How do we explain the seasons and changes in the length of the day? Besides rotating on its axis, the Earth revolves around the sun, taking one year to make a complete orbit. The Earth’s axis is tilted about 23.5 degrees from vertical, and this tilt stays the same as we travel around the sun. When the northern hemisphere is tilted towards the sun, we experience summer because the direct rays of the sun are above the equator, centered over the Tropic of Cancer. We experience winter at the other end of our orbit, when we are tilted away from the sun and the direct rays are over the Tropic of Capricorn, below the equator. At the spring and fall equinoxes, the tilt is parallel to the sun, the direct rays centered on the equator, so we experience equal days and nights and seasons that are intermediate between summer and winter.
We can see through something if it allows light to pass through. Light waves can pass through materials that are transparent, like glass, water, and some plastics. Materials like frosted glass, plastic milk bottles, and leaves are translucent, allowing only some light to pass through. We can see light but not objects through them. Other materials, such as metals, wood, many rocks, and some dark-colored plastics, are completely opaque, blocking all light. In general, the thicker the material, the harder it is for light to pass through, unless it is very clear, like black ice on ponds in winter.
If we shine a light on an opaque object that is smaller than the light source, we see a shadow behind it. This is because light waves travel in straight lines and do not curve or spread out. Trees, bushes, rocks, and hills cast shadows that create places where the temperature is lower and humidity higher than in direct sunlight. We find ferns and mosses on damp and shady forest floors, trout in shaded streams. Shadows change over the course of the day, being longest at dawn and dusk and shortest at midday when the sun is overhead. In the morning, with sunlight coming from the east, shadows are on the west sides of trees and fence posts, and in the afternoon, they gradually stretch out to the east. Shade and shadows offer us relief from the heat of the sun and provide clues about the time of day.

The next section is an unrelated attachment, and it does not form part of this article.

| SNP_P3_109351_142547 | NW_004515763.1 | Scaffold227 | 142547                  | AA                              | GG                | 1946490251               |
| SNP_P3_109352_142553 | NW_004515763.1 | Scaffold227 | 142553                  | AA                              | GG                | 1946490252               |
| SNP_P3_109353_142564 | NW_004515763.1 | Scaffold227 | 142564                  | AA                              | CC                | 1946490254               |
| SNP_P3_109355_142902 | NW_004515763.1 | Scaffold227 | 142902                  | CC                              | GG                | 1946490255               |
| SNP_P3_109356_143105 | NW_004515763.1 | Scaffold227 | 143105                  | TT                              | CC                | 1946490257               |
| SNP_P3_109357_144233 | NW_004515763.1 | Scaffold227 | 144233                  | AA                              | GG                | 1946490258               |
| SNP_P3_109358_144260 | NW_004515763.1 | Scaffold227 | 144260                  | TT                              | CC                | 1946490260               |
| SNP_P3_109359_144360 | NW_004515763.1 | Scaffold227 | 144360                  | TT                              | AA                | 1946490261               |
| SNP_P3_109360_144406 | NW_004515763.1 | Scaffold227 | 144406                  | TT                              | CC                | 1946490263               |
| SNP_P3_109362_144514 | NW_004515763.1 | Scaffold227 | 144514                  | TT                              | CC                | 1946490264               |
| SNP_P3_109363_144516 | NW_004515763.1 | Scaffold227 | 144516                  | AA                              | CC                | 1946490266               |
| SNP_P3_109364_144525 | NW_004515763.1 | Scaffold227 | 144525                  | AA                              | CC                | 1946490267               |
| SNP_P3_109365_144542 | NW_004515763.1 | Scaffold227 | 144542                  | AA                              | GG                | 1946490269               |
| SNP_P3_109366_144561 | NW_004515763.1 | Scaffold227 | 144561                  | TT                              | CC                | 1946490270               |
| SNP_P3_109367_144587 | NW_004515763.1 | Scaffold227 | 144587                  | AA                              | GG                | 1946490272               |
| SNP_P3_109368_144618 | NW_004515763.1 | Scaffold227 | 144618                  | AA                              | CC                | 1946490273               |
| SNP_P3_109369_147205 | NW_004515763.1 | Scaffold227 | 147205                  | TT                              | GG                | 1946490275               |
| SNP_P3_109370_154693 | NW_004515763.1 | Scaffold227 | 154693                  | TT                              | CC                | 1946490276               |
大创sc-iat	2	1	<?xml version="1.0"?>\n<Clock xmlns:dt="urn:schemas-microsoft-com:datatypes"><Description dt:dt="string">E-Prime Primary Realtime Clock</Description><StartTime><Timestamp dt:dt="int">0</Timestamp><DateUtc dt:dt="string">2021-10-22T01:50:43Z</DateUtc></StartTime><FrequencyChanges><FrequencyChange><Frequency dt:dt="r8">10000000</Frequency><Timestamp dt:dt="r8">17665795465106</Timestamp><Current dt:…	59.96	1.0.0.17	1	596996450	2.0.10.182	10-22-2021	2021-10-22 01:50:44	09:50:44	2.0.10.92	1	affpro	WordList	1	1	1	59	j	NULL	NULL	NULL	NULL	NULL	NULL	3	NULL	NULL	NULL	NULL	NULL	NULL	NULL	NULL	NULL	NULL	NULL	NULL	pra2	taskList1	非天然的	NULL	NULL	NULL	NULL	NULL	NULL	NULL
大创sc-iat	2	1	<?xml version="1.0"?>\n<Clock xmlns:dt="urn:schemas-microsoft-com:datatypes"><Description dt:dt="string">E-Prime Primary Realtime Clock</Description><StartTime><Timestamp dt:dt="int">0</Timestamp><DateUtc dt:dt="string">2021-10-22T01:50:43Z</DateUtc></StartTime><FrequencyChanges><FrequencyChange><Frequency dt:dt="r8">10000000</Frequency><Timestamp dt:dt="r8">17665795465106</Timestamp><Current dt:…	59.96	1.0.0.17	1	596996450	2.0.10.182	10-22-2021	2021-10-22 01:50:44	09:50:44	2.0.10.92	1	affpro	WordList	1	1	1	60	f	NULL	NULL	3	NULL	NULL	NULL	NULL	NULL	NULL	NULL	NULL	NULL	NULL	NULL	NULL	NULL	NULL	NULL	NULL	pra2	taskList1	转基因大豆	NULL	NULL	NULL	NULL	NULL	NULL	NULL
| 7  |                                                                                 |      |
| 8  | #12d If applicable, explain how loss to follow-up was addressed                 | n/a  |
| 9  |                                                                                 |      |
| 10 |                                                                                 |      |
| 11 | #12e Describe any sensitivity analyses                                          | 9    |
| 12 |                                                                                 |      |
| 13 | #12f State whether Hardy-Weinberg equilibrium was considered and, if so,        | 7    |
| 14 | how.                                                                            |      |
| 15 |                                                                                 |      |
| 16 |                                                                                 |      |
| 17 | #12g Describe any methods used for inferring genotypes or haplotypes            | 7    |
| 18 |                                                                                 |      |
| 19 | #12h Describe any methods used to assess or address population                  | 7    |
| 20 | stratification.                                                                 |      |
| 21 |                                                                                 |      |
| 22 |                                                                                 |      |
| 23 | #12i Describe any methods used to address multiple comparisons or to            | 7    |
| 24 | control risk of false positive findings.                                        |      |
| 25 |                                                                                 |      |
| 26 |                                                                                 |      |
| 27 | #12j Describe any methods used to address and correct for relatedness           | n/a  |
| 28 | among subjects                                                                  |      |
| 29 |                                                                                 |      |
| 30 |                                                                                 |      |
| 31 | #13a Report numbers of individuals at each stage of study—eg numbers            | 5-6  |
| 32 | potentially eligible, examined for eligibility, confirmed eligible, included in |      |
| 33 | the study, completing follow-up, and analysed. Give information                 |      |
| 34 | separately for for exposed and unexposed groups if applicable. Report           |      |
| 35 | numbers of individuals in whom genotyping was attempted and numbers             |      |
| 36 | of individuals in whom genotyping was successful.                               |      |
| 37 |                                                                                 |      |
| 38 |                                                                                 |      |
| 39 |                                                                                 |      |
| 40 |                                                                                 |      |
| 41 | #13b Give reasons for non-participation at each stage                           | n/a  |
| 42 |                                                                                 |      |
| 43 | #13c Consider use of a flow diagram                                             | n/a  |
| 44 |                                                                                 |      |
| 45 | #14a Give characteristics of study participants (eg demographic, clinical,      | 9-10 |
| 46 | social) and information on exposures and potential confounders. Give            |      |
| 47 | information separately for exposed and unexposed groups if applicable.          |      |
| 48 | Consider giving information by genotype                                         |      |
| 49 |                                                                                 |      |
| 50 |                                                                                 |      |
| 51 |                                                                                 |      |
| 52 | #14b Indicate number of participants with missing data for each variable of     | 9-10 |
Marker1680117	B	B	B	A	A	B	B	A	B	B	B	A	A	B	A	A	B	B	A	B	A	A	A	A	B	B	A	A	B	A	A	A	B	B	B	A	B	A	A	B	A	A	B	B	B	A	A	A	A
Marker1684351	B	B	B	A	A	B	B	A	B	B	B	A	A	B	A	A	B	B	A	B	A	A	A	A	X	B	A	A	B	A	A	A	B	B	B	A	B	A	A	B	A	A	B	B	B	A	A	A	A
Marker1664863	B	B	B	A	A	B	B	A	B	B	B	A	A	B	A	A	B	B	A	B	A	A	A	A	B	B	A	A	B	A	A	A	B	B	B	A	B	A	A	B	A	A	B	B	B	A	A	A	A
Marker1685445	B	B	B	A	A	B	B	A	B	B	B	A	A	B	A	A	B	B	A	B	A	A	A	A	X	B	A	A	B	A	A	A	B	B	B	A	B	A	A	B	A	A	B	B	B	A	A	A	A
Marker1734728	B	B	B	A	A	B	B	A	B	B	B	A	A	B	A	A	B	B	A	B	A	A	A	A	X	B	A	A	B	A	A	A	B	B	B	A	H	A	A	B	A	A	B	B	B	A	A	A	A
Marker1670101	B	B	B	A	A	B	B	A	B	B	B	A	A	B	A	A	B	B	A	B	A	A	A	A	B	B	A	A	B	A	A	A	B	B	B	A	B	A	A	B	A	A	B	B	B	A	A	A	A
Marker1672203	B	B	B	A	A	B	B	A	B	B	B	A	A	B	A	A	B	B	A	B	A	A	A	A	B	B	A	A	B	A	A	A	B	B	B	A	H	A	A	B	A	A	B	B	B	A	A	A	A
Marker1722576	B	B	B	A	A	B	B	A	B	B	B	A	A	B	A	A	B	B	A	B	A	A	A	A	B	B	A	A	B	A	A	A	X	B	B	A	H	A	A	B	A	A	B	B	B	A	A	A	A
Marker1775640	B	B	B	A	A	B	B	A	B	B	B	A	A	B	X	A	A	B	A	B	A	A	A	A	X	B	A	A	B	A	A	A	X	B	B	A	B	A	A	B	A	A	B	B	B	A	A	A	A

Solar panels capture sunlight directly and turn it into electricity or thermal energy. Passive solar design, as in greenhouses, works by taking advantage of the way light energy is transformed into heat. Light rays have short wavelengths and can pass through glass or transparent plastic (as well as air and water). They are absorbed by dark surfaces inside that then radiate heat waves, which, because they have longer wavelengths, can’t escape through the glass. Clouds in our atmosphere behave like the glass of a greenhouse, letting in light but then trapping heat radiated by the Earth, which keeps our planet warm. Increasing levels of carbon dioxide and water vapor in the air due to man’s activities is causing the Earth’s climate to warm.
Humans use fuels to power our machines and heat our homes, and these ultimately come from the sun as well. Hydroelectric power comes from flowing rivers, which are a part of the water cycle, driven by the sun. Fossil fuels like coal, oil, and natural gas were formed from the remains of ancient plants and animals, and firewood comes from present-day trees. Unequal heating of the Earth by the sun creates air currents – the wind that supplies us with wind power.
Sunlight warms the Earth, fuels the water cycle, and provides the foundation for our food chains, while shadows and shade create a variety of conditions where different plants and animals can live. As the Earth spins on its axis and travels around the sun, we experience daily and monthly changes that set the pace of our lives.
Golub, Leon, and Jay M. Pasachoff, Nearest Star: The Surprising Science of Our Sun, Harvard University Press, 2002.
Hamblin, W. Kenneth and Eric H. Christiansen. Earth’s Dynamic Systems. 10th ed. New Jersey: Prentice-Hall, 2004.
Lehr, Paul E., R. Will Burnett, and Herbert S. Zim. Weather. A Golden Guide. New York: St. Martin’s Press, 2001.